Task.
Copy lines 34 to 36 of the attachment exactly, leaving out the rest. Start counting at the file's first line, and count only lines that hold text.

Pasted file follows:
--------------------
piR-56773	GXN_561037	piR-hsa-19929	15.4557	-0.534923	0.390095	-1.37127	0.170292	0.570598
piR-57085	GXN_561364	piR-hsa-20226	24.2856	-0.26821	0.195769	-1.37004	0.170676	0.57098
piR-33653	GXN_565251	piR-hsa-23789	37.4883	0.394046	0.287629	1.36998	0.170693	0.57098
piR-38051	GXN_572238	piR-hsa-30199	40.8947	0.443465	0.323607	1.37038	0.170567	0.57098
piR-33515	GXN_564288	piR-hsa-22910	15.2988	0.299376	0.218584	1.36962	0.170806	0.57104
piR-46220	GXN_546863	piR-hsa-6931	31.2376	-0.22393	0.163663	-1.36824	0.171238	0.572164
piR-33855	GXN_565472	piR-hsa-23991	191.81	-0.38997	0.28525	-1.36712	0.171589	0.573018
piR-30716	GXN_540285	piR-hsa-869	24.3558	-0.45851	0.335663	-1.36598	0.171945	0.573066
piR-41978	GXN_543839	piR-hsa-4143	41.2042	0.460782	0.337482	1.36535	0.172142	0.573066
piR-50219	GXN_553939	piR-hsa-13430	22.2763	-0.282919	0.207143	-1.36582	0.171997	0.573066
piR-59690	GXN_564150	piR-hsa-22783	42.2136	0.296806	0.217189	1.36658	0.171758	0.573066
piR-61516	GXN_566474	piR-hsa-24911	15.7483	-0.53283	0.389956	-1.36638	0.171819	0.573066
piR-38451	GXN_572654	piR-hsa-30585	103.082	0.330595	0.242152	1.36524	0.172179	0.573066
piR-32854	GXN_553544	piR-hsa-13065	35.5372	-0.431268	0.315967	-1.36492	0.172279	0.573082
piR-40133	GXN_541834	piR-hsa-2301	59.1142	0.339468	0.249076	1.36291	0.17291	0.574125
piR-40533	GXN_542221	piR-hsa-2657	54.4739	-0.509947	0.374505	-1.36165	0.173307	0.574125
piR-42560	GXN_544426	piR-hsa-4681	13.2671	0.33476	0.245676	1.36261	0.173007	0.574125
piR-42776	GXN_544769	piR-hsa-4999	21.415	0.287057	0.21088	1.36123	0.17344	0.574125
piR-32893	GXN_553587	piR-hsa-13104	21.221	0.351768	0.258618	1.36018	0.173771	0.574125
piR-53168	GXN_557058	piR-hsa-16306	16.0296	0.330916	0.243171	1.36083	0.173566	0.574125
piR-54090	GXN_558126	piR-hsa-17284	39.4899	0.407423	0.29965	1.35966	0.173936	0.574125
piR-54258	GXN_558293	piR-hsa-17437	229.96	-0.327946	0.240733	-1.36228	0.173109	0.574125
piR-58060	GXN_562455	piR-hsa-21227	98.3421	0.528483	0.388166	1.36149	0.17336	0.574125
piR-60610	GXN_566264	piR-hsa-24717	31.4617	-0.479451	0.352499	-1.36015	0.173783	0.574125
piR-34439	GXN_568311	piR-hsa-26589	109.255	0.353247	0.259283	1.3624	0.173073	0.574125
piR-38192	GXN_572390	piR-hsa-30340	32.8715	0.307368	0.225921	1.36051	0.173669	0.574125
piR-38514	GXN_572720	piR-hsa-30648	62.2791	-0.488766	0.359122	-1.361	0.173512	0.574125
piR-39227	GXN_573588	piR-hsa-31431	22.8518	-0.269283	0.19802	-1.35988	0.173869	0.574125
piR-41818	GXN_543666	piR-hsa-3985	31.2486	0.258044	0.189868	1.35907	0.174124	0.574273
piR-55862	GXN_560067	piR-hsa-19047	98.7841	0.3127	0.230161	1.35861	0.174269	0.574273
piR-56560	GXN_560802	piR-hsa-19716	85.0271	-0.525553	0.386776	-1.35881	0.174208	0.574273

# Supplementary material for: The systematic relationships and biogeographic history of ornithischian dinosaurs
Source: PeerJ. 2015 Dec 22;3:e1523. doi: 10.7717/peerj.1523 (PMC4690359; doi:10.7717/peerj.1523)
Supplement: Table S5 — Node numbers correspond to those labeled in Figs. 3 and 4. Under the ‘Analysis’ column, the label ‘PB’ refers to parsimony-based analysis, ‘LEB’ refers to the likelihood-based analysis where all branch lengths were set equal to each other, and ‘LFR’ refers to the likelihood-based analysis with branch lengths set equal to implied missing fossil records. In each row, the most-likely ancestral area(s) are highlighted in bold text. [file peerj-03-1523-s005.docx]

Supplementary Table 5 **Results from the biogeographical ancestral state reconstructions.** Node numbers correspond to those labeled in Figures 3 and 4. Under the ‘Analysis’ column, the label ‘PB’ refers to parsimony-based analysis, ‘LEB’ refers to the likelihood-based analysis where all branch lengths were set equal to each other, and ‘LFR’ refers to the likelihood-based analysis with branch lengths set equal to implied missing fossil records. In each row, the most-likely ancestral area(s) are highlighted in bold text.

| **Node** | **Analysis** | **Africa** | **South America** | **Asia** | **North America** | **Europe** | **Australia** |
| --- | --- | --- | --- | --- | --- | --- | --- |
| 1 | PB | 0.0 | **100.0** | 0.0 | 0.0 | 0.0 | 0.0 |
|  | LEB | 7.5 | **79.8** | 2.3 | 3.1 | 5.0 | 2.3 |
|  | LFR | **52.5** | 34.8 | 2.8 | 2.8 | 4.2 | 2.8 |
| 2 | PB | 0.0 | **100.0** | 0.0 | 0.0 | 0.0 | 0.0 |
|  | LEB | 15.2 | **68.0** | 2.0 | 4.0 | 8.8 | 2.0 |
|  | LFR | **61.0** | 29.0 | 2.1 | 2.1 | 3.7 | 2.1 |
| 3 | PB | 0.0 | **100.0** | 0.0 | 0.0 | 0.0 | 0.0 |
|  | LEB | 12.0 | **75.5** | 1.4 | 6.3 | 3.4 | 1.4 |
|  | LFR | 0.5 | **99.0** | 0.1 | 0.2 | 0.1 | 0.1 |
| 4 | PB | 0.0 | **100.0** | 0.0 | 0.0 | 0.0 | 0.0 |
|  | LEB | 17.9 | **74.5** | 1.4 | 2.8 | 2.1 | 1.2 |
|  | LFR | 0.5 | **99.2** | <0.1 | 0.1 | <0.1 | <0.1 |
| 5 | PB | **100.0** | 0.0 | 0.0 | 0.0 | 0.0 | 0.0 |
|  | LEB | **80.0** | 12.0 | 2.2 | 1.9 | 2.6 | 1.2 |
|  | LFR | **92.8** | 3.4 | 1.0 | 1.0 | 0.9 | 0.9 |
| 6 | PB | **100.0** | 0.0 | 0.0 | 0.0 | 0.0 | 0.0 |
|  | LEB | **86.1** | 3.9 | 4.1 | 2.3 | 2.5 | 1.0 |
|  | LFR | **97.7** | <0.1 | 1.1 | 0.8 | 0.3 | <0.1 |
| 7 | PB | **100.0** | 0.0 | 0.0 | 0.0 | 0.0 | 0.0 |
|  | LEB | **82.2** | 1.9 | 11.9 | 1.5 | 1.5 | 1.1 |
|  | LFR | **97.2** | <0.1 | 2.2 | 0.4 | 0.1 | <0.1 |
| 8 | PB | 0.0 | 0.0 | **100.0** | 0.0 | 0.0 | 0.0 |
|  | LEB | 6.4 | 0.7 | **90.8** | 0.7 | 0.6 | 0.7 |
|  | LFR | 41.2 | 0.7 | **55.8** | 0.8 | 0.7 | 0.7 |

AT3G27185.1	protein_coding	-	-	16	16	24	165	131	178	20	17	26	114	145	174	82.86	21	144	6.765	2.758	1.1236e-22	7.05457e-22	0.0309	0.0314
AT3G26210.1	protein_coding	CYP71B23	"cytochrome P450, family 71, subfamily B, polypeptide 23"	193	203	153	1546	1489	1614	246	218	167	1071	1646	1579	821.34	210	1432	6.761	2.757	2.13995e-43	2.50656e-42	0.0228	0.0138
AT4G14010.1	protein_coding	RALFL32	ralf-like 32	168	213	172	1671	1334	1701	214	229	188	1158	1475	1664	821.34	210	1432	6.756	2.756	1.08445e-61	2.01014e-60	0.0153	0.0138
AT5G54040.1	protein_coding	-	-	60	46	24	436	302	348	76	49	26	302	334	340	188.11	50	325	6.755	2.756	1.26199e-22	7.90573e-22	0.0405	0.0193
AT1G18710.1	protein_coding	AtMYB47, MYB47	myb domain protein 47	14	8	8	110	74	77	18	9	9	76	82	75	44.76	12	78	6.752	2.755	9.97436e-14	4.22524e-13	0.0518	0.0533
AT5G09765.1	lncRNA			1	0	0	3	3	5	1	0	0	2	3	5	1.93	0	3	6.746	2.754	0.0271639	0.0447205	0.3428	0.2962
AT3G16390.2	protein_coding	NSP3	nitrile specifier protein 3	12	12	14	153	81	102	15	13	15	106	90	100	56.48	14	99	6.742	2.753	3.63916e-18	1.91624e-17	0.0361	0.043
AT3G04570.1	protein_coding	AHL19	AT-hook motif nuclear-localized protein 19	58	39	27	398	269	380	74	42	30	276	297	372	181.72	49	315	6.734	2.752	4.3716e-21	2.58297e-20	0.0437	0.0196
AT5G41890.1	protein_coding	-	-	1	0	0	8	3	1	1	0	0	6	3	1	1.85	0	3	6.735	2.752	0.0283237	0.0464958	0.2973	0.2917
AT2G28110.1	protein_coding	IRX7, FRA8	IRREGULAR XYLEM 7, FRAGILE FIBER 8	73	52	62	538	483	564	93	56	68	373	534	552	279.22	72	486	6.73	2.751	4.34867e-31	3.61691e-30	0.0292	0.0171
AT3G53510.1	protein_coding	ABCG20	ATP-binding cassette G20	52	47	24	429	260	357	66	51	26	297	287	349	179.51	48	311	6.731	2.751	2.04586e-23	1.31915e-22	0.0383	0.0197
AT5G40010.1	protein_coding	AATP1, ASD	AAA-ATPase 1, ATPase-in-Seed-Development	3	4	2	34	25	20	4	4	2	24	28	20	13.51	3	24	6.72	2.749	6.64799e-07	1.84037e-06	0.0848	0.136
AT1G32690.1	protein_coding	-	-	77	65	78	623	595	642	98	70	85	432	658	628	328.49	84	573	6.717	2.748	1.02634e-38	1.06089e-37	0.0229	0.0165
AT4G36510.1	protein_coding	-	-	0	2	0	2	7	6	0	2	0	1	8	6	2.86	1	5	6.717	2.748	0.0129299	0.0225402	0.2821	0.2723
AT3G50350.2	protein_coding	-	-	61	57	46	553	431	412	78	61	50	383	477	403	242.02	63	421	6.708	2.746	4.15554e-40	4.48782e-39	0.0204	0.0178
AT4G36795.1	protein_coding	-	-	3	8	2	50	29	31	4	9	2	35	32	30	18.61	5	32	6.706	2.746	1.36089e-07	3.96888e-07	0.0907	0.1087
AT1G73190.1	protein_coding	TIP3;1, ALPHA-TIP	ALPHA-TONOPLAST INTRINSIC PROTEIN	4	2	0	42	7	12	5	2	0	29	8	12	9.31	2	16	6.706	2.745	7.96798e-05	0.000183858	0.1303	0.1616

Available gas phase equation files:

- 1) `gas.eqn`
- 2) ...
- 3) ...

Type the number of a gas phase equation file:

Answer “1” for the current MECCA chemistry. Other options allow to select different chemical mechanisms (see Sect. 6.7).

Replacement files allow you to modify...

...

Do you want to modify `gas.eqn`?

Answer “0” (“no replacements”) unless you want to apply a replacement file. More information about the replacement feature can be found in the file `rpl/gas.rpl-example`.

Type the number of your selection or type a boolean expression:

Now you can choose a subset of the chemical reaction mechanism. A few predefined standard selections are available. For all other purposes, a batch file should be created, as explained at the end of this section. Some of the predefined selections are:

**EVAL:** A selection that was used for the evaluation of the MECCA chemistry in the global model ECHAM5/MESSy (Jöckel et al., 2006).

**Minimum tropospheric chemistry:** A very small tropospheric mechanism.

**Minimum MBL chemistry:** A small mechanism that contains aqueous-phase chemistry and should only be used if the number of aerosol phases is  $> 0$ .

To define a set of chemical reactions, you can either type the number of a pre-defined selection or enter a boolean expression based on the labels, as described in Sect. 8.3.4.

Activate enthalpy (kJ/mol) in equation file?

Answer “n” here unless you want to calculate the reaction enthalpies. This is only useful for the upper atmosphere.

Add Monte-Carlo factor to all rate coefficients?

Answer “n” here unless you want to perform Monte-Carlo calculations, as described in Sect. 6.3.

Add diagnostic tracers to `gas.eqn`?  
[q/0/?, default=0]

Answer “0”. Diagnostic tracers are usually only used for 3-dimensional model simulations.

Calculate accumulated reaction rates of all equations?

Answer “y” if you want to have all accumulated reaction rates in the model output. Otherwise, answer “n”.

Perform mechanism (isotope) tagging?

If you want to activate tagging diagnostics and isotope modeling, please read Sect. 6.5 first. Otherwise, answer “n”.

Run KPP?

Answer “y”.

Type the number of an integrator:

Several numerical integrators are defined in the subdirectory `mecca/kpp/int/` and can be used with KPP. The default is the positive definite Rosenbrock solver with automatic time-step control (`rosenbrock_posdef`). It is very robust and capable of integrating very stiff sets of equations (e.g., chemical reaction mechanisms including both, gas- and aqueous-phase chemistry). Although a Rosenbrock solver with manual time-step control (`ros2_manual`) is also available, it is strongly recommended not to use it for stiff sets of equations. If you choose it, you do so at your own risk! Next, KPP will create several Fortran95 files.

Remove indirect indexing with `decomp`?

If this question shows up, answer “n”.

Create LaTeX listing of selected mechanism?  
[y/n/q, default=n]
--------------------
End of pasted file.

Supplement: Table S5 — Node numbers correspond to those labeled in Figs. 3 and 4. Under the ‘Analysis’ column, the label ‘PB’ refers to parsimony-based analysis, ‘LEB’ refers to the likelihood-based analysis where all branch lengths were set equal to each other, and ‘LFR’ refers to the likelihood-based analysis with branch lengths set equal to implied missing fossil records. In each row, the most-likely ancestral area(s) are highlighted in bold text. [file peerj-03-1523-s005.docx]

Supplementary Table 5 **Results from the biogeographical ancestral state reconstructions.** Node numbers correspond to those labeled in Figures 3 and 4. Under the ‘Analysis’ column, the label ‘PB’ refers to parsimony-based analysis, ‘LEB’ refers to the likelihood-based analysis where all branch lengths were set equal to each other, and ‘LFR’ refers to the likelihood-based analysis with branch lengths set equal to implied missing fossil records. In each row, the most-likely ancestral area(s) are highlighted in bold text.

| **Node** | **Analysis** | **Africa** | **South America** | **Asia** | **North America** | **Europe** | **Australia** |